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Keke Palmer, the star of Nope, argues that drawing similarities between her and Zendaya is “an example of colorism.”

“I see these beautiful, dark-skinned black women and they do not have a weave as I do,” the 16-year-old actress said. “They don’t have a long skinny nose. They are more traditional, and more like the people in Africa.” This is an example of colorism, which is when a person discriminates against others because of their skin tone. It’s important to remember that there are many different types of beauty and nobody has a monopoly on them. What’s important is to use our voices and encourage others to come out and be proud of who they are. We can’t all be Beyoncé, but who cares? We should all learn from Beyoncé and others. We should break down the barriers that hold us back because we’re women that no one could ever love Meryl Streep said in the movie “The Devil Wears Prada.” She was so beautiful, and she made it clear that beauty comes in many different forms. And you have to accept it. You have to embrace every part of you.

Introduction to The Nope

Nope is a series of blog articles that explore the “nope” moments in life. The article will examine what people find nopes, why they think they are nopes, and how to stop feeling like a nope. Nopes happen when you reach your limits and cannot take any more. It can be such an uncomfortable sensation because when you hit those mental stop signs, it can often feel like you’re failing… but only if you let it! The key to eliminating this feeling is to focus on progress rather than results — keep going! You’ll get there eventually.

Character names in The Nope

Donna Mills
Ryan W. Garcia
Michael Wincott
Devon Graye
Steven Yeun
Keke Palmer
Jennifer Lafleur
Mark Casimir Dyniewicz Jr.
Terry Notary
Keith David
Jennifer Lafleur
Wrenn Schmidt

Story of The Nope

Aisling is a bubbling mess of energy daily. She lives for adventure and for the stories that she can tell about her life outside the confines of home. From mountain biking in Moab to baking bread in Ireland, from learning to cook in China to teaching kids at camp, Aisling has no shortage of anecdotes and observations to share with everyone willing to listen. She’s always looking ahead, dreaming up what she’ll do next. Aisling is never happier than when she’s drowning in a pile of laundry, watching her small children sleep, or running away from something. Or three.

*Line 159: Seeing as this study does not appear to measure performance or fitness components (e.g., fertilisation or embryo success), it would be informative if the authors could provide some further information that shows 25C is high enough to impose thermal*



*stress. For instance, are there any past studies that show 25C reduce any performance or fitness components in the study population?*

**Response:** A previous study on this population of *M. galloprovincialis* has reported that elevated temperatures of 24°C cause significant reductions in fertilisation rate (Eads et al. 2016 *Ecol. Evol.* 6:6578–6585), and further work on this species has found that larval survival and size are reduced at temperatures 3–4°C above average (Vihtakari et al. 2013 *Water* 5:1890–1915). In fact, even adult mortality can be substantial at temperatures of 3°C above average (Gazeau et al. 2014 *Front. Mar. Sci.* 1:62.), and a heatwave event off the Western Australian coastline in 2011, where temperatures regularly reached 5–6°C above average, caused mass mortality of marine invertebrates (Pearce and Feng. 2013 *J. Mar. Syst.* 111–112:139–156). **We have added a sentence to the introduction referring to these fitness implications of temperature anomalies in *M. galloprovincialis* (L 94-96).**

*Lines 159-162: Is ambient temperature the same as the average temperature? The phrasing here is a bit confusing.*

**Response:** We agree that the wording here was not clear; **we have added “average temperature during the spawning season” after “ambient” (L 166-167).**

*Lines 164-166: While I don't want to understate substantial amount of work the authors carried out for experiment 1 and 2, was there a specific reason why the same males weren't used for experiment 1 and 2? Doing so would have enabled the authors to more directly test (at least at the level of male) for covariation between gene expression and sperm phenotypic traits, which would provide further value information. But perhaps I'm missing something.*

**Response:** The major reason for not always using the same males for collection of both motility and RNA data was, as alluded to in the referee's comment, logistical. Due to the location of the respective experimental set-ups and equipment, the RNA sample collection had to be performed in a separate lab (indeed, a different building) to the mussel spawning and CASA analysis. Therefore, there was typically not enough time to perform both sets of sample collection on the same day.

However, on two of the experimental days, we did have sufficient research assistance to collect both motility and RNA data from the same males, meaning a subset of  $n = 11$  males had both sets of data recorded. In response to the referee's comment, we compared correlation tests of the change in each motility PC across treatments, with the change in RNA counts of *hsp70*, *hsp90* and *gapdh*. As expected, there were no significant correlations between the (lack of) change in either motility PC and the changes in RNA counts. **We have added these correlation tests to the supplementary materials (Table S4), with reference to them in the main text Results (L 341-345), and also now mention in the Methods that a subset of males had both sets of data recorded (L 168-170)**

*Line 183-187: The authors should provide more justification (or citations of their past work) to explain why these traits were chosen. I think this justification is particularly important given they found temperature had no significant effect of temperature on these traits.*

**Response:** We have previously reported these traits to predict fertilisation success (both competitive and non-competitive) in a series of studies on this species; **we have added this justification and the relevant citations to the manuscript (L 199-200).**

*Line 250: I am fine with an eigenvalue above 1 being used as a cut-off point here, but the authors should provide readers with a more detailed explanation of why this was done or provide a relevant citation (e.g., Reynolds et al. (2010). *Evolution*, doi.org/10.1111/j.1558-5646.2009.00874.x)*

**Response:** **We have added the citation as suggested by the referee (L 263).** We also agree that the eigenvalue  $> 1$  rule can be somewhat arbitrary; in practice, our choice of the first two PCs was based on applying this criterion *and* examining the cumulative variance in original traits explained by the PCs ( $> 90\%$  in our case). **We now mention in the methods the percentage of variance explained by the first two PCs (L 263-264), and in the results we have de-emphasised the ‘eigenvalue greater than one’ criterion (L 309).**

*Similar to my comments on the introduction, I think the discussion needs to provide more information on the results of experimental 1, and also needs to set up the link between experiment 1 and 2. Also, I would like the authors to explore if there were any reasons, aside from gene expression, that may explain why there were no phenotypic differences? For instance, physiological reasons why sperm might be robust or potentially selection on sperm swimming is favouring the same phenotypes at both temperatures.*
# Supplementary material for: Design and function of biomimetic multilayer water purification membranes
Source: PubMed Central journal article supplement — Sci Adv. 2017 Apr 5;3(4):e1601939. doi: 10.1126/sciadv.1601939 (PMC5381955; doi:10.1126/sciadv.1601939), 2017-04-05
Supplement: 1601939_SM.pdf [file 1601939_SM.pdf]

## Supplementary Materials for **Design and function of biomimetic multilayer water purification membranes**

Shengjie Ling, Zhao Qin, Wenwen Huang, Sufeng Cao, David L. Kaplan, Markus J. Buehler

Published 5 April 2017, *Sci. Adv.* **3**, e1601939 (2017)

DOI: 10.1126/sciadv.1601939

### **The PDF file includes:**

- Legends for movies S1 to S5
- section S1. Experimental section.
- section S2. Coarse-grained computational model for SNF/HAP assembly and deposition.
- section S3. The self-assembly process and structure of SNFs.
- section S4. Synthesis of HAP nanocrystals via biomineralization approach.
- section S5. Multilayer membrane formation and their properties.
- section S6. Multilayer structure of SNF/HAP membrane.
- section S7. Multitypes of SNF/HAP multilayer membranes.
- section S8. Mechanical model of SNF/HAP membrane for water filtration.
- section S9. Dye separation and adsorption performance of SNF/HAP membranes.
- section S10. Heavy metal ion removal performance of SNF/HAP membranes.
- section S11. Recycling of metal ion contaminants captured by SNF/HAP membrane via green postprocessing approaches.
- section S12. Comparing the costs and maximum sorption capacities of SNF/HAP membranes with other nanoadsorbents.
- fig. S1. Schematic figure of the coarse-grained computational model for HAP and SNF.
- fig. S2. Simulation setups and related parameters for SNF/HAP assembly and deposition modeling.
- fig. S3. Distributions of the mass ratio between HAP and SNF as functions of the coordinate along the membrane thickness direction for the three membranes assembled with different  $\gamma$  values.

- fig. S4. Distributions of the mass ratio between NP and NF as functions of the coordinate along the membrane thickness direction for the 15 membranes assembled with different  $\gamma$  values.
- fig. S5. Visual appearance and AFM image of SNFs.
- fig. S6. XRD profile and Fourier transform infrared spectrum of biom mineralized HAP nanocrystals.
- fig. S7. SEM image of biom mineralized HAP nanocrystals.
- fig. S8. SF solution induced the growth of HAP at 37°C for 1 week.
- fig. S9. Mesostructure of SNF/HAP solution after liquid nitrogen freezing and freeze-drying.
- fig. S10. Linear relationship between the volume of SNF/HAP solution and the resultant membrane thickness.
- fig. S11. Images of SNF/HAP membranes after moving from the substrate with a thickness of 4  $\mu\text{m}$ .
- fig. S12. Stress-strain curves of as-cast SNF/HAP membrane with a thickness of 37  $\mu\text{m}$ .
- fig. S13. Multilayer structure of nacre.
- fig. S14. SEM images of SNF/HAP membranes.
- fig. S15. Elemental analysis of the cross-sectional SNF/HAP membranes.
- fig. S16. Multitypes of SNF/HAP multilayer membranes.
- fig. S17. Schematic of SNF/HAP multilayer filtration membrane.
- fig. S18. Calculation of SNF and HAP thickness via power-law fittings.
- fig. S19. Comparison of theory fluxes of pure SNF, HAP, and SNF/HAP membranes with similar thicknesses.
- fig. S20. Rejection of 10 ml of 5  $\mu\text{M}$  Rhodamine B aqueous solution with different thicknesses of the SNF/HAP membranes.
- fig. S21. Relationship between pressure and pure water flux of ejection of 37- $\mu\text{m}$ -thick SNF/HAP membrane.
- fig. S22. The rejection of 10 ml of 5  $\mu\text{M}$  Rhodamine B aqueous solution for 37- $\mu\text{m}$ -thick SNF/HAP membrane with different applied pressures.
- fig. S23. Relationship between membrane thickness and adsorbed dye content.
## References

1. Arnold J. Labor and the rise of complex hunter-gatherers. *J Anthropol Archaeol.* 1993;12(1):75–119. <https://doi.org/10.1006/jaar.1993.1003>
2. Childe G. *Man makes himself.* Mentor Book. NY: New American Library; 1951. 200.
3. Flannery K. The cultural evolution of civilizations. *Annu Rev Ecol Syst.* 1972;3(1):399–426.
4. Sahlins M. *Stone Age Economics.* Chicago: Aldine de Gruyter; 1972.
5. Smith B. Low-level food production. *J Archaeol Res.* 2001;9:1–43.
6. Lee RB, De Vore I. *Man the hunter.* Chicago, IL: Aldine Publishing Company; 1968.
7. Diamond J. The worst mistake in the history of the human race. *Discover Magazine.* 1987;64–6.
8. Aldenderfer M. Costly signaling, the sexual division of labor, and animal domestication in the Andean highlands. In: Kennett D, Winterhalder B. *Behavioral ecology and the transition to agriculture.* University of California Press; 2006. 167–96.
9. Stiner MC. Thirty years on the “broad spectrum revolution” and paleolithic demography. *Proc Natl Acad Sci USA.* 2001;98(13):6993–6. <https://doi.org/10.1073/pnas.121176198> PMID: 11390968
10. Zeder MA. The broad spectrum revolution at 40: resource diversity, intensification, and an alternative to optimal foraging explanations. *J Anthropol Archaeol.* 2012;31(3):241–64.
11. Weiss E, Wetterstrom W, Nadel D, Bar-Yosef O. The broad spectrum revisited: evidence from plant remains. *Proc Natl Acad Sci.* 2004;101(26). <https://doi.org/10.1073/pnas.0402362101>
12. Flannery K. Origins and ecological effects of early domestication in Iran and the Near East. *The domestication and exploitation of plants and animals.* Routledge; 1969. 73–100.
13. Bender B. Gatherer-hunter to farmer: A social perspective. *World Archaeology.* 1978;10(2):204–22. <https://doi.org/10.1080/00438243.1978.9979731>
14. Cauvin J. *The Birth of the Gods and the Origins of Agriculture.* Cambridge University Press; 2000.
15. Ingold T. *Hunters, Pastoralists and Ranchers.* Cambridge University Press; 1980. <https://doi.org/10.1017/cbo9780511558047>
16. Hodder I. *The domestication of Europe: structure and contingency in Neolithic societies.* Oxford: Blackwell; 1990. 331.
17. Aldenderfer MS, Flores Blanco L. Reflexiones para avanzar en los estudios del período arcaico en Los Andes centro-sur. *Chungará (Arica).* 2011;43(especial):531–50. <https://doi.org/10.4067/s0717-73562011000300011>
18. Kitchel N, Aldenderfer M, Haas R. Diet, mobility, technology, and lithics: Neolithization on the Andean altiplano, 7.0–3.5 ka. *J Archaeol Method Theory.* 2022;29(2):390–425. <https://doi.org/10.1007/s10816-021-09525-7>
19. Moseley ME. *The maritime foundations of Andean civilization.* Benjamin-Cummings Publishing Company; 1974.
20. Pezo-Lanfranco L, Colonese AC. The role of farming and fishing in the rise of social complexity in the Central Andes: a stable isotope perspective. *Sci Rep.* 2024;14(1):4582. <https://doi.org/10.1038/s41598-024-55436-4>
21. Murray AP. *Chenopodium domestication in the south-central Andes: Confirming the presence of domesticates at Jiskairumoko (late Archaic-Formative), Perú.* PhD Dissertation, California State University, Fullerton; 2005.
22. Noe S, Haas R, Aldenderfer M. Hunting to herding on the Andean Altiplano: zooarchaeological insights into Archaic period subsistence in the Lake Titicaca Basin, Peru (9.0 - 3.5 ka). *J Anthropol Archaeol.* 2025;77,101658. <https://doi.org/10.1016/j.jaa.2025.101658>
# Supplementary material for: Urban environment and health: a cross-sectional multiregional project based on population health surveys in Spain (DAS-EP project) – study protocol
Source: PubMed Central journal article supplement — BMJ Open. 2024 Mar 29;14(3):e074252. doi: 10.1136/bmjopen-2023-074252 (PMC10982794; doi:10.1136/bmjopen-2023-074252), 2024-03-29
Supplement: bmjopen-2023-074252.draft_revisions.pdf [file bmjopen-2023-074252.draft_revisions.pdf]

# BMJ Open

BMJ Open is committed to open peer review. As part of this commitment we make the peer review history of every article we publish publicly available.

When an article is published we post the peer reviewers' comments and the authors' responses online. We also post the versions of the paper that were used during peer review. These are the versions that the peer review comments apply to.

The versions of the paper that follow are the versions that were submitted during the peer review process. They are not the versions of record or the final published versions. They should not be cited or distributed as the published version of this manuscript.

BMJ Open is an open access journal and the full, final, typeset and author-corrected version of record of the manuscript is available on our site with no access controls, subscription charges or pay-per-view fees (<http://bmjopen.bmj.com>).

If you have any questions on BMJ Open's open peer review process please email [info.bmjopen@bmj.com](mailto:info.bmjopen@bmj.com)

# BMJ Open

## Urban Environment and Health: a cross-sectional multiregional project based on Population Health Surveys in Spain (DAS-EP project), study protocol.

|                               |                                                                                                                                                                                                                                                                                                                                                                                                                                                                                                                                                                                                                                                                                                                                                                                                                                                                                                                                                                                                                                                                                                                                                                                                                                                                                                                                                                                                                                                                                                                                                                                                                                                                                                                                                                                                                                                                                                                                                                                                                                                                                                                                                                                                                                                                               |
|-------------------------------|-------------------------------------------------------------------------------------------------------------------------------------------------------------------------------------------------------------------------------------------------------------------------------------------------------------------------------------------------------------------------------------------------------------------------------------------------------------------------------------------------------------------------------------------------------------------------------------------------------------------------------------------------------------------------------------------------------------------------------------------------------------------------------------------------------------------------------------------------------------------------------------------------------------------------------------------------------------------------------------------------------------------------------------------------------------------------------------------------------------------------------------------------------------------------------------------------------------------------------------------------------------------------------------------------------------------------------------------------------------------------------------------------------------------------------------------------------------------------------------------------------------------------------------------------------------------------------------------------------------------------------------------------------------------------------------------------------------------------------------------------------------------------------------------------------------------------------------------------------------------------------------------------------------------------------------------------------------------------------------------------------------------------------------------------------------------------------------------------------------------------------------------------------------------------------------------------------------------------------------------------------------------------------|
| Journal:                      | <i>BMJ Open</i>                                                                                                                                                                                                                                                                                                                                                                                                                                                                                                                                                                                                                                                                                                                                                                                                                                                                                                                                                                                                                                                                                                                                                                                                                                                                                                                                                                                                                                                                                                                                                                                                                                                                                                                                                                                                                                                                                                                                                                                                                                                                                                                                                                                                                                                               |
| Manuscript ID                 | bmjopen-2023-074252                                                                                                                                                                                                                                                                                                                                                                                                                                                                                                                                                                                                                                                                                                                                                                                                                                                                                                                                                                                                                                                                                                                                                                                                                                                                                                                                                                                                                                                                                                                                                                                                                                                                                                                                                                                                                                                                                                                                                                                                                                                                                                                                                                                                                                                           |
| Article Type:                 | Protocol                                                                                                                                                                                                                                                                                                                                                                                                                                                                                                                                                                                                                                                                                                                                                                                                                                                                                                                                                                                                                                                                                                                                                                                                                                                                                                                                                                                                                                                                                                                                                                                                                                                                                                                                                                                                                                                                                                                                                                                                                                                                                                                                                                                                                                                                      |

She’s the creator and host of The Nope Podcast and the Worn Book podcast. She has essays published by CosmoGirl.com, Simple Times Cooking School, Frisky Business Magazine, and Love Without Borders magazine. Click here to find out about her book: Aisling Shoop: My Homegrown Life (2016). Aisling is working on a new handbook for those facing divorce, chronic illness or aging parents, or legally separated parents (if you can call it that).

The Shoe Was Standing Up In Nope, Why? Real Meaning of It

Can you imagine someone taking their shoes off, but then bizarrely placing them so that only the back of the shoe is visible? You might look at it and think it’s just some random person, who in no way is anticipating seeing anyone. But then again, many parts of this little art could give you ideas about what they’re trying to say. Could they have perhaps rushed home with their shoes on? Maybe they were rehearsing for a dance contest and left the shoes by accident when they headed out?

You can be sure of one thing: This part of Nope has a lot more to offer than just an unusual shoe standup.

 

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